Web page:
Boyeon Lee, Douglas Clarke, Abraham Al Ahmad, Michael Kahle, Christi Parham, Lisa Auckland, Courtney Shaw, Mehmet Fidanboylu, Anthony Wayne Orr, Omolara Ogunshola, Andrzej Fertala, Sarah A. Thomas, Gregory J. Bix
Neovessel formation is a complex process governed by the orchestrated action of multiple factors that regulate EC specification and dynamics within a growing vascular tree. These factors have been widely exploited to develop therapies for angiogenesis-related diseases such as diabetic retinopathy and tumor growth and metastasis. WNT signaling has been implicated in the regulation and development of the vascular system, but the detailed mechanism of this process remains unclear. Here, we report that Dickkopf1 (DKK1) and Dickkopf2 (DKK2), originally known as WNT antagonists, play opposite functional roles in regulating angiogenesis. DKK2 induced during EC morphogenesis promoted angiogenesis in cultured human endothelial cells and in in vivo assays using mice. Its structural homolog, DKK1, suppressed angiogenesis and was repressed upon induction of morphogenesis. Importantly, local injection of DKK2 protein significantly improved tissue repair, with enhanced neovascularization in animal models of both hind limb ischemia and myocardial infarction. We further showed that DKK2 stimulated filopodial dynamics and angiogenic sprouting of ECs via a signaling cascade involving LRP6-mediated APC/Asef2/Cdc42 activation. Thus, our findings demonstrate the distinct functions of DKK1 and DKK2 in controlling angiogenesis and suggest that DKK2 may be a viable therapeutic target in the treatment of ischemic vascular diseases.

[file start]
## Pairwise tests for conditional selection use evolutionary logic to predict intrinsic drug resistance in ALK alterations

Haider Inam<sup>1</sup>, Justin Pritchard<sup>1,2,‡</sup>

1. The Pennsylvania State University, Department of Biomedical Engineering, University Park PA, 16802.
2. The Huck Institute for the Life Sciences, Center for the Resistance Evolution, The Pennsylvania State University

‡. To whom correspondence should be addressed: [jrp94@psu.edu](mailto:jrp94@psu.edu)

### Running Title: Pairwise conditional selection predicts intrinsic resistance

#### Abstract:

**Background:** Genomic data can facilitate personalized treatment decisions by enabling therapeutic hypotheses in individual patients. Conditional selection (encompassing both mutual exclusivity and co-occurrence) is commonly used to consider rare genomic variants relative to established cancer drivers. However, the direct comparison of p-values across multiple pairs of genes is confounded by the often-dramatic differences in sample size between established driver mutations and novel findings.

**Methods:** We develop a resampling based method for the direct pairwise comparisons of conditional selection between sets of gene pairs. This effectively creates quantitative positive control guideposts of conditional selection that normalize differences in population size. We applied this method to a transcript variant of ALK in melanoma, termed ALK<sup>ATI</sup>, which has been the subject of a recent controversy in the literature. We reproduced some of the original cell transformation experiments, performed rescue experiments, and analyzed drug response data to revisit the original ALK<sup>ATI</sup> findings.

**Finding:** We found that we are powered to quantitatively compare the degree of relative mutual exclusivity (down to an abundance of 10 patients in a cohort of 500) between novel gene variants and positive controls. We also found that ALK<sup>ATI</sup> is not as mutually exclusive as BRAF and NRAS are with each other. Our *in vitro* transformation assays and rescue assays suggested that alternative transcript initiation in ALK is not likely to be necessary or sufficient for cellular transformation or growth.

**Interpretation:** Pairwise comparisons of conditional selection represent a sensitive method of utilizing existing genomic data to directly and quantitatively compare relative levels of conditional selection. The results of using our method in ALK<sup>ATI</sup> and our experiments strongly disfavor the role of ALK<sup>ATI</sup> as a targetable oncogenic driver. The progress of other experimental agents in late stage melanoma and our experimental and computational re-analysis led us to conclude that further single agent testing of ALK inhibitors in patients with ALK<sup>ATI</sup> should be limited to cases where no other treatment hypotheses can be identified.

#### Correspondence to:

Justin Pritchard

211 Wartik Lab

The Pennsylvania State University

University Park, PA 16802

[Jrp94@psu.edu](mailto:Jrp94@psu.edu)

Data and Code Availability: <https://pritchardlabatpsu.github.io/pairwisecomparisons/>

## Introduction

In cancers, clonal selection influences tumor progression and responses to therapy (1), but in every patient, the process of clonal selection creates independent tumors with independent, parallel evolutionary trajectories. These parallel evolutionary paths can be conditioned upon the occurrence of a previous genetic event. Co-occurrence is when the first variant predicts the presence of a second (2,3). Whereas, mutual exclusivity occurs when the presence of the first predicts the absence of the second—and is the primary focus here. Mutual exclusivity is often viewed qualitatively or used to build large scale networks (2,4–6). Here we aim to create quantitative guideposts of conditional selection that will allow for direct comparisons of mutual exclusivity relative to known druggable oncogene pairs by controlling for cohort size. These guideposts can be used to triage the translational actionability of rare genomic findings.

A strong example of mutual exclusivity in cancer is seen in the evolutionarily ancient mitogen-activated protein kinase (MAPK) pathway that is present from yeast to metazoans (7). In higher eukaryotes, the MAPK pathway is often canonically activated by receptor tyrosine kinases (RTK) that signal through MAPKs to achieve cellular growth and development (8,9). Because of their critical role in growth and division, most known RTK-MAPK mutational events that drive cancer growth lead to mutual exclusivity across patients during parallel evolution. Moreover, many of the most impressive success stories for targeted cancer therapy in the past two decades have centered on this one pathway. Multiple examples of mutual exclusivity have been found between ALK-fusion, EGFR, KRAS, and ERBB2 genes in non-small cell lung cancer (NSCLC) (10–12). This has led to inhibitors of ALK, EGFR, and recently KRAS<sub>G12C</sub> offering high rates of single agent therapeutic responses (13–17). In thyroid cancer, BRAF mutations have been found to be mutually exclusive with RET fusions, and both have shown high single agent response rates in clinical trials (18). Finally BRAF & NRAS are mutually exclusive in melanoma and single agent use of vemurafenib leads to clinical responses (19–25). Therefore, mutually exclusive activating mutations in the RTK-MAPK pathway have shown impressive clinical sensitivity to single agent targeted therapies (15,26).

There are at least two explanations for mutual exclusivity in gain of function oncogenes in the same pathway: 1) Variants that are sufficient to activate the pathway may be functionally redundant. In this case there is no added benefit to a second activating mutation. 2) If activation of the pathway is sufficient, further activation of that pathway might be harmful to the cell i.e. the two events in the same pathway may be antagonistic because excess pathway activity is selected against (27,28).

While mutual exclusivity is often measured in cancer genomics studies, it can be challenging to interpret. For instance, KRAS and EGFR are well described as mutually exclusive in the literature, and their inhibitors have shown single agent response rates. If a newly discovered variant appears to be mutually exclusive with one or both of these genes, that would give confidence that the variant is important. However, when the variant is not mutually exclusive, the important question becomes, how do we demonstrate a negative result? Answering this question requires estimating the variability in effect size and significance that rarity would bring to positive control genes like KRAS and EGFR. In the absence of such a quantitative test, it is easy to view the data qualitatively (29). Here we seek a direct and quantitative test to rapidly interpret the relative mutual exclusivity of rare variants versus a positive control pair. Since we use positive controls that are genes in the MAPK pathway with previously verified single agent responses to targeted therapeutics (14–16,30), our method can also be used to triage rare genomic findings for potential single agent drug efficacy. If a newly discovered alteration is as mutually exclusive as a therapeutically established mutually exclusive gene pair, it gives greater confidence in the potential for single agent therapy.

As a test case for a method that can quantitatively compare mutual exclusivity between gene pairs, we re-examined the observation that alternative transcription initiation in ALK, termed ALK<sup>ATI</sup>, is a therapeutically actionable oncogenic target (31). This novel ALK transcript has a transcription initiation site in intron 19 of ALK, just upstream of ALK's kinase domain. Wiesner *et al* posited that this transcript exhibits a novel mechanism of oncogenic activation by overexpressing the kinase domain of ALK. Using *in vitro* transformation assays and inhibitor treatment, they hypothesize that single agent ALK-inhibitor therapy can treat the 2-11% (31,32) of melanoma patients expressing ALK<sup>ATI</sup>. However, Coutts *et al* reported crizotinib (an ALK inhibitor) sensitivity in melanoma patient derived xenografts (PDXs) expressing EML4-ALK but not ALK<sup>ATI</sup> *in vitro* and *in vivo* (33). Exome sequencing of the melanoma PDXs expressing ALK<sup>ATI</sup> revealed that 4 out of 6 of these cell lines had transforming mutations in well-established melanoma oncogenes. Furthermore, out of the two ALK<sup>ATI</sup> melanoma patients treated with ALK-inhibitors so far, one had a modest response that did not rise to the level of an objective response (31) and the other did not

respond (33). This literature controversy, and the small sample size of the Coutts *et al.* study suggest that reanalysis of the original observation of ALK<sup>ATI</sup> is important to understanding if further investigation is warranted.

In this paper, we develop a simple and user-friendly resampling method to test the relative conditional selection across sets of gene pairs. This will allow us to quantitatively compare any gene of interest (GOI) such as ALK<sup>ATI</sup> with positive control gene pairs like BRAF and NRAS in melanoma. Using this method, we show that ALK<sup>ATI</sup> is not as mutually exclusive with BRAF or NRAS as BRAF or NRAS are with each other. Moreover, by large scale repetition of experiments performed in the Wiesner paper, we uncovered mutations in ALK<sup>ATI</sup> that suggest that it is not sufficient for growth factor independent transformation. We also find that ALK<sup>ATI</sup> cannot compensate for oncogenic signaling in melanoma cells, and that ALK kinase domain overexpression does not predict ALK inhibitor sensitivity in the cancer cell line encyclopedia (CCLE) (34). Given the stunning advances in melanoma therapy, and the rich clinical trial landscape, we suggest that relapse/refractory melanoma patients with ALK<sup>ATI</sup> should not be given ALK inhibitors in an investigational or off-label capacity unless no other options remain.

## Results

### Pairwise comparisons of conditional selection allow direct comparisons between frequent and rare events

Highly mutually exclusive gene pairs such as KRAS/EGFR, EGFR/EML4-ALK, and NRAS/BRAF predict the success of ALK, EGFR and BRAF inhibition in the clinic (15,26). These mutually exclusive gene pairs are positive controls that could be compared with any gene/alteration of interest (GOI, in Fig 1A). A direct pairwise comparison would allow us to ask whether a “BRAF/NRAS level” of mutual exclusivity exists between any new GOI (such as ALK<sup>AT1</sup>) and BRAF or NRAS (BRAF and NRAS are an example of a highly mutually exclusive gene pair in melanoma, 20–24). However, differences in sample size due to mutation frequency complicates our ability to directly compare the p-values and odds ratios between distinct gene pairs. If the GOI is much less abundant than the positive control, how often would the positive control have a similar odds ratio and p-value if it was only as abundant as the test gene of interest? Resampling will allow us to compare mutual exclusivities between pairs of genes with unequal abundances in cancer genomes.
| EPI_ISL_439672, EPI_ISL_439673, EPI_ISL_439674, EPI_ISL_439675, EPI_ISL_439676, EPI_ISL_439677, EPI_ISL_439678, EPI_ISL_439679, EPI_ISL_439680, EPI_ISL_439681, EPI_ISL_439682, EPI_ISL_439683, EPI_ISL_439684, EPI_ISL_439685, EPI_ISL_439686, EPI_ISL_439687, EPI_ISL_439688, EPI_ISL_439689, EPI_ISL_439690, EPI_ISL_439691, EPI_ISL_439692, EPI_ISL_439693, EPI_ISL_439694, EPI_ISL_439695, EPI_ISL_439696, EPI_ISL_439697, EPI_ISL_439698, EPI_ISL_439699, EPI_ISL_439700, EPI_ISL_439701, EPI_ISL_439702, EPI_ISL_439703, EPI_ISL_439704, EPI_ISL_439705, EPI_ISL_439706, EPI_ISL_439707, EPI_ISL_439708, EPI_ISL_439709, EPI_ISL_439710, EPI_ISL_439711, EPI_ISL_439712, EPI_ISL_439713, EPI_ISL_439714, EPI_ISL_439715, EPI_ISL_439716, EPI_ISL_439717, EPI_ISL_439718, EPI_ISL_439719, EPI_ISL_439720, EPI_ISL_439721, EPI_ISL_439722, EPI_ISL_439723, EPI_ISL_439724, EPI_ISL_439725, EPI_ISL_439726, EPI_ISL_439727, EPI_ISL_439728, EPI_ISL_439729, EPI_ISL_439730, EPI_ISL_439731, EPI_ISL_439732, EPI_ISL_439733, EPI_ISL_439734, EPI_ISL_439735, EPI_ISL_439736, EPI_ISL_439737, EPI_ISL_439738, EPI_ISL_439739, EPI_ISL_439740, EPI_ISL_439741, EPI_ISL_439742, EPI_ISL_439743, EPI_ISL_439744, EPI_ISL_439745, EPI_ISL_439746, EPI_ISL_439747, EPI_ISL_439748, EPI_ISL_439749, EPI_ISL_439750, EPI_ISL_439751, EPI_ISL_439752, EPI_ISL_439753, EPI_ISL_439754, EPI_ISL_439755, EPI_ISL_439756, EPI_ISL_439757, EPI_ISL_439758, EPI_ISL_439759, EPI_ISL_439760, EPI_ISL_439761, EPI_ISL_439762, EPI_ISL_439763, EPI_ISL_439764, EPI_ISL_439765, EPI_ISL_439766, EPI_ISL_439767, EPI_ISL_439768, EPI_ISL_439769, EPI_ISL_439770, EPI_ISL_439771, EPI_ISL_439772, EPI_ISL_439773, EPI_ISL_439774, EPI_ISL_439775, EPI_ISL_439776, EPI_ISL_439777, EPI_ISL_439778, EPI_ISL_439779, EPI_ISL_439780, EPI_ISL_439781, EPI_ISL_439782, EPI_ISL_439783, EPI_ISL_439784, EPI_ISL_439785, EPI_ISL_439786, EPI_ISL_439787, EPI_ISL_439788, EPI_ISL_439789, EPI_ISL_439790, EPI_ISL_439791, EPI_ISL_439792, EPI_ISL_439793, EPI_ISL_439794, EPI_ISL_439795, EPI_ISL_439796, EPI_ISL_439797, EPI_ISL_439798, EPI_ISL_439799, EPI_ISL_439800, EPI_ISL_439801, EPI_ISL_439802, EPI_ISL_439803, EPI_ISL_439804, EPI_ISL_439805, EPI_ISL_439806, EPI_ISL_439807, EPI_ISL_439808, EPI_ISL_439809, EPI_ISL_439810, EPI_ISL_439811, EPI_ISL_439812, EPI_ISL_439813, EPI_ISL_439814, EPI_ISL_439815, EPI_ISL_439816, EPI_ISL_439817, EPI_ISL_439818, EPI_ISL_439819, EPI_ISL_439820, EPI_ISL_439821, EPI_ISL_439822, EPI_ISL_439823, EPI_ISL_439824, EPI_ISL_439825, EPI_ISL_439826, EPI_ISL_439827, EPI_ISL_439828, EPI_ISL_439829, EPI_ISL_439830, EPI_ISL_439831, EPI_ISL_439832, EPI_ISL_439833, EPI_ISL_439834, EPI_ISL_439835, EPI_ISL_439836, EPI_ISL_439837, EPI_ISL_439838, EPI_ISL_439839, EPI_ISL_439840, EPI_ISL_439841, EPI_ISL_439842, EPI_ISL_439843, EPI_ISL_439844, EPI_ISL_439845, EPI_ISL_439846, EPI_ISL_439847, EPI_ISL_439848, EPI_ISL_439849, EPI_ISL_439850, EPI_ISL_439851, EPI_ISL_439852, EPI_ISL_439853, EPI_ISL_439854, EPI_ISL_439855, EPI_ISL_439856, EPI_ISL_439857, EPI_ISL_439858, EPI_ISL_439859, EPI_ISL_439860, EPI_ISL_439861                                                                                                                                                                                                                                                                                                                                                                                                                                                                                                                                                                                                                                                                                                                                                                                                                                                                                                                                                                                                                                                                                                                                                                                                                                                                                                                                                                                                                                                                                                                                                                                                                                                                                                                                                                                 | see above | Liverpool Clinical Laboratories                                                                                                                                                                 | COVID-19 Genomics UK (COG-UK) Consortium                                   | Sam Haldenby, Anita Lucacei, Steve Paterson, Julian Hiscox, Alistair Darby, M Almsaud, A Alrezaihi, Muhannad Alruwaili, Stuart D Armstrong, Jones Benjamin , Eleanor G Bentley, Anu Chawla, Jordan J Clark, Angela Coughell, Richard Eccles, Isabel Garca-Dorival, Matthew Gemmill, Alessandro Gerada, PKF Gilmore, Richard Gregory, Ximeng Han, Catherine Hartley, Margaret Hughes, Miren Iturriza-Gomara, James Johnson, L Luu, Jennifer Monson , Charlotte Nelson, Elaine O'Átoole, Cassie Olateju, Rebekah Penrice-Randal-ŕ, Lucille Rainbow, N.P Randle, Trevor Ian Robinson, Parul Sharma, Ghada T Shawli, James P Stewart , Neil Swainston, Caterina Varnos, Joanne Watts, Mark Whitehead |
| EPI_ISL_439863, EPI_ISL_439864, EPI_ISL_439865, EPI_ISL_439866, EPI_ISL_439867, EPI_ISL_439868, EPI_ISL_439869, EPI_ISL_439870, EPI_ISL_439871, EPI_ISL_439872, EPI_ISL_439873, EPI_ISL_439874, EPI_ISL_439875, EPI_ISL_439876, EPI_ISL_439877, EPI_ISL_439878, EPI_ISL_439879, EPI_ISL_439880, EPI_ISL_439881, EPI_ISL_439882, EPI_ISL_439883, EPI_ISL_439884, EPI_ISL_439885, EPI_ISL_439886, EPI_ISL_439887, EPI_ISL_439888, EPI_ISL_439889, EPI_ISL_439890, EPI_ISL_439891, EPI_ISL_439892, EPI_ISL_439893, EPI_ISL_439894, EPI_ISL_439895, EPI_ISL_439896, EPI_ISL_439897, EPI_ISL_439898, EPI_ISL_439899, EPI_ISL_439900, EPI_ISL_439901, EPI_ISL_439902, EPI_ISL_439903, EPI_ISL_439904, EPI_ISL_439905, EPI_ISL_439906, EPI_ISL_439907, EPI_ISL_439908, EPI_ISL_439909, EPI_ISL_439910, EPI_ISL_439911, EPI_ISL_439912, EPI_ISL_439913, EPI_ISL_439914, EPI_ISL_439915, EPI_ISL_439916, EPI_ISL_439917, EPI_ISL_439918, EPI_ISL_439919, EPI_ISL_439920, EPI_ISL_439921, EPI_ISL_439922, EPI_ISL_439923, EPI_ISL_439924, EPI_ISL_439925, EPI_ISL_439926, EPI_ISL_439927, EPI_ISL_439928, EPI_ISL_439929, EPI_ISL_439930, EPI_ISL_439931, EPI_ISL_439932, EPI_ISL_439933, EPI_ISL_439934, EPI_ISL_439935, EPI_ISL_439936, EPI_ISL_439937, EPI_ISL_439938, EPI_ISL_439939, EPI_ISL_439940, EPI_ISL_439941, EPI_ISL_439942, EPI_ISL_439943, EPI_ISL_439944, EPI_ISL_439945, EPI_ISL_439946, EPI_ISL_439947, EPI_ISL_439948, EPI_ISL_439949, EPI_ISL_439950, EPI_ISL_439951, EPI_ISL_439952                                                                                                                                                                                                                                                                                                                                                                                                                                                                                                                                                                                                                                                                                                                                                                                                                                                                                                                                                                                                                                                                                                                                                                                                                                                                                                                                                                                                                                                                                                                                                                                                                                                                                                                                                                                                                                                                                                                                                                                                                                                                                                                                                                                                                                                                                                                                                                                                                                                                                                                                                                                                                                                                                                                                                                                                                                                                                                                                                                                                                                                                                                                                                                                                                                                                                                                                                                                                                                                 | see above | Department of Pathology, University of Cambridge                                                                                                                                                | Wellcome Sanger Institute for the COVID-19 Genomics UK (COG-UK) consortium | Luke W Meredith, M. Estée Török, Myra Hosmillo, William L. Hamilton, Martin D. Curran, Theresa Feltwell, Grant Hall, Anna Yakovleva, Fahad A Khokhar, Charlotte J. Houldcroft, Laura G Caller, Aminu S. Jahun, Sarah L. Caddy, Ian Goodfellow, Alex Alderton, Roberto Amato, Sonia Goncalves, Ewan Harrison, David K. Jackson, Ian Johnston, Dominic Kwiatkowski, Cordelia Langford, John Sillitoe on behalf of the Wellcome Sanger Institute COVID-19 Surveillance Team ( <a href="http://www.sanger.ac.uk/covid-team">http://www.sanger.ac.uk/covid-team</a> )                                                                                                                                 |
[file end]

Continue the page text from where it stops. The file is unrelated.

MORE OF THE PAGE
Jeong-Ki Min, Hongryeol Park, Hyun-Jung Choi, Yonghak Kim, Bo-Jeong Pyun, Vijayendra Agrawal, Byeong-Wook Song, Jongwook Jeon, Yong-Sun Maeng, Seung-Sik Rho, Sungbo Shim, Jin-Ho Chai, Bon-Kyoung Koo, Hyo Jeong Hong, Chae-Ok Yun, Chulhee Choi, Young-Myoung Kim, Ki-Chul Hwang, Young-Guen Kwon
Angiogenesis is a hallmark of malignant neoplasias, as the formation of new blood vessels is required for tumors to acquire oxygen and nutrients essential for their continued growth and metastasis. However, the signaling pathways leading to tumor vascularization are not fully understood. Here, using a transplantable mouse tumor model, we have demonstrated that endogenous IFN-β inhibits tumor angiogenesis through repression of genes encoding proangiogenic and homing factors in tumor-infiltrating neutrophils. We determined that IFN-β–deficient mice injected with B16F10 melanoma or MCA205 fibrosarcoma cells developed faster-growing tumors with better-developed blood vessels than did syngeneic control mice. These tumors displayed enhanced infiltration by CD11b+Gr1+ neutrophils expressing elevated levels of the genes encoding the proangiogenic factors VEGF and MMP9 and the homing receptor CXCR4. They also expressed higher levels of the transcription factors c-myc and STAT3, known regulators of VEGF, MMP9, and CXCR4. In vitro, treatment of these tumor-infiltrating neutrophils with low levels of IFN-β restored expression of proangiogenic factors to control levels. Moreover, depletion of these neutrophils inhibited tumor growth in both control and IFN-β–deficient mice. We therefore suggest that constitutively produced endogenous IFN-β is an important mediator of innate tumor surveillance. Further, we believe our data help to explain the therapeutic effect of IFN treatment during the early stages of cancer development.